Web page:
Risks Veins and arteries vary in size from one patient to another and from one side of the body to the other. they reproduce viral particles instead of copies of themselves because HIV has changed their genetic code. 1. because the HIV ELISA/Western blot test will often be negative during this window period. eds. Obtaining a blood sample from some people may be more difficult than from others. or Kaposi's sarcoma appears (see link in References). . Latency is the phase during which an HIV-positive person experiences no symptoms. such as thrush. AIDS 4. Developing a detectable level of these antibodies (seroconversion) is the first point at which an infected person will test positive for HIV and occurs 1 to 6 months after infection. PA: Saunders Elsevier. the body develops antibodies against the virus. 2007: sect XXIV. or when an AIDS-defining illness. Cecil Medicine. and is in the "window period. As these cells are infected. when CD4+ cells are less than 14 percent of lymphocytes. HIV (the human immunodeficiency virus ) is the viral cause of the syndrome known as AIDS (acquired immunodeficiency syndrome). Pneumocystis pneumonia. During this time. If the health care provider suspects early (acute or primary) HIV infection. other tests (such as HIV viral load) will be needed to confirm this diagnosis. not everyone is HIVpositive has developed AIDS. Latency 3. AIDS is diagnosed in HIV-positive persons when CD4+ cell counts drop below 200 per milliliter of blood. in particular CD4+ cells. HIV is continuing to replicate within the body and the virus can still be transmitted to others. Philadelphia. Ausiello D. Although there are no evident symptoms. HIV targets the cells (lymphocytes) of the immune system . commercial sex workers) should be regularly tested for HIV. 23rd ed." a negative HIV ELISA and Western blot will not rule out HIV infection. Other risks associated with having blood drawn are slight but may include: • • • • Excessive bleeding Fainting or feeling light-headed Hematoma (blood accumulating under the skin) Infection (a slight risk any time the skin is broken) Considerations People who are at high risk (men who have sex with men. injection drug users and their sexual partners. Although everyone who develops AIDS is HIV-positive.If a person might have acute or primary HIV infection. Infection Acute HIV infection is the first stage of HIV infection. Effects 2. Alternative Names HIV testing References Goldman L. More tests for HIV will need to be done.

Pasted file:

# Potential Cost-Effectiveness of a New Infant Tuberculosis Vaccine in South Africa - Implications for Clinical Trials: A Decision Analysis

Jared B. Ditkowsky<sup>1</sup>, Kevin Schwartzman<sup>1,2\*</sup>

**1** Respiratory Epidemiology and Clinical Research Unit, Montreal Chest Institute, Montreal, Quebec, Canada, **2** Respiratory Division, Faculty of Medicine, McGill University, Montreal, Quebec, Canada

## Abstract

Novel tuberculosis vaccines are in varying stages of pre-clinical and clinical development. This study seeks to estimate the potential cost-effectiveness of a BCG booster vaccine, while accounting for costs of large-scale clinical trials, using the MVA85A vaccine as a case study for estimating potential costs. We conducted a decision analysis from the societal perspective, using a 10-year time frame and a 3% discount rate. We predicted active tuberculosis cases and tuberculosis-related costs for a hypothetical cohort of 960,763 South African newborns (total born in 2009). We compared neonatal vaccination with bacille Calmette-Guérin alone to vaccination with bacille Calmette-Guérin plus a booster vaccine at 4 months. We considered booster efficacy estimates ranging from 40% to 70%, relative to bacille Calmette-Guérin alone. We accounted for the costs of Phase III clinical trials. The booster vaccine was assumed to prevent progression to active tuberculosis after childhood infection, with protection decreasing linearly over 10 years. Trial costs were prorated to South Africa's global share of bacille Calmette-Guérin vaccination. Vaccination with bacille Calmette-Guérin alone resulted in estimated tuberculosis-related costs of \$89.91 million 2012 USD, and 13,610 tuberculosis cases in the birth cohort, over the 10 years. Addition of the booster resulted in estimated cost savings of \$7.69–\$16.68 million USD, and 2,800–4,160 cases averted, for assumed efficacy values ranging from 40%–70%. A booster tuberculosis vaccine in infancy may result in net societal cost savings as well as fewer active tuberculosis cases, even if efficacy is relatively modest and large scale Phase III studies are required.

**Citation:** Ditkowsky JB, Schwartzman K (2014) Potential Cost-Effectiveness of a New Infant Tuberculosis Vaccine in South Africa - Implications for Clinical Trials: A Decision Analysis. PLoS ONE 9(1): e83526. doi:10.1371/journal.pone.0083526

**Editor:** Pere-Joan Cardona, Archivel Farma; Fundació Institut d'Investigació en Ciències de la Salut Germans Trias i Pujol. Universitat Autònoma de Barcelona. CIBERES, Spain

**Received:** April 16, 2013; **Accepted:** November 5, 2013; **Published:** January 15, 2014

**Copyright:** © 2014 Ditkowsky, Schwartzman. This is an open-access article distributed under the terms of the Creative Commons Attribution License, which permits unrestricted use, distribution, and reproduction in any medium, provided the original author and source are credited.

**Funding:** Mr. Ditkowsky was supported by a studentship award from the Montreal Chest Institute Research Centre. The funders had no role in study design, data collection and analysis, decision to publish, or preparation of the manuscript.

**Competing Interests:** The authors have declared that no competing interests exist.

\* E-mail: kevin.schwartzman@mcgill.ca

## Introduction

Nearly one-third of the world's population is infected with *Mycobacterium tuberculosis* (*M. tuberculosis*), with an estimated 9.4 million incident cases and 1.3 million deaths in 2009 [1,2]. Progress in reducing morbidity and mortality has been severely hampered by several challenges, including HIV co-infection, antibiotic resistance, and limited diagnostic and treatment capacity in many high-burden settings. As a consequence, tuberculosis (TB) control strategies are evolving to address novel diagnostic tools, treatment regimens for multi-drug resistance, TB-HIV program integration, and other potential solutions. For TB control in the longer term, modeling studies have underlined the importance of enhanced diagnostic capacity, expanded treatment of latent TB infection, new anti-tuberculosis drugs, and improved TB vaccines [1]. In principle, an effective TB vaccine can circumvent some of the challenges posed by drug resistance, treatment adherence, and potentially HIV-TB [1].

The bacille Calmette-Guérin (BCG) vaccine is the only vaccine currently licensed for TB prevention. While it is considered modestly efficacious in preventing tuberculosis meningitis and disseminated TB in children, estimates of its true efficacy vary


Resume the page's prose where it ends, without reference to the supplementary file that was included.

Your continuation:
these are called AIDS-defining illnesses. Sharing cups.051. while AIDS is a syndrome. ________________________________________________________________________________ HIV and AIDS Human immunodeficiency virus. You cannot get HIV from: • • • • Touching or hugging someone who has HIV/AIDS. which means a series of conditions. Although people with AIDS will likely one day die from an AIDS-related illness. anus. or sex organs (the penis and vagina). Bug bites. When a person's CD4 cell count gets low. They are most commonly taken as a group. How Did We Get Here? How Does HIV and AIDS Cause Illness? HIV attacks and destroys a type of white blood cell called a CD4 cell. is the virus that causes acquired immune deficiency syndrome (AIDS). or HIV. In addition. Considerations HIV is a virus. fluids from the vagina or breast milk) enter his or her bloodstream. a person's ability to fight infection is lost. HIV and AIDS cannot be cured.875 people in the U. When the immune system CD4 cells drop to a very low level. This cell's main function is to fight disease. or telephones with someone who has HIV/AIDS. How Do People Get HIV? A person gets HIV when an infected person's body fluids (blood. 1. a therapy called HAART (highly active antiretroviral therapy). People with HIV are said to have AIDS when they develop certain infections or cancers or when their CD4 count is less than 200.S.S. Who Can Get HIV? Anyone can get HIV if they engage in certain activities. A person with HIV can feel okay and still give the virus to others. Both men and women can spread HIV. or through broken skin. Common ways people get HIV: 6. AIDS-defining illnesses occur in HIV-positive people only when the virus has depleted the immune response. • • Sharing a needle to take drugs. HAART may delay the onset of AIDS in HIV-positive persons. 33 Million People Now Live With HIV. The virus can enter the blood through linings in the mouth. According to the CDC. utensils.298 have died from the disease in the U. there are several conditions that occur in people with HIV infection with this degree of immune system failure -. Having HIV does not always mean that you have AIDS. It can take many years for people with the virus to develop AIDS. there are ways to help people stay healthy and live longer. semen.5. they are more susceptible to illnesses. CD4 count is determined by a blood test in a doctor's office. What Is AIDS? AIDS is the final stage of HIV infection. Having unprotected sex with an infected person. Treatment A group of drugs known as antiretrovirals are used to target different facets of HIV infection. Public bathrooms or swimming pools. You may have a higher risk of getting HIV if you: . They also estimate that 583. have been diagnosed with AIDS since the disease was first diagnosed in 1981. Pregnant women with HIV also can give the virus to their babies. The virus weakens a person's ability to fight infections and cancer.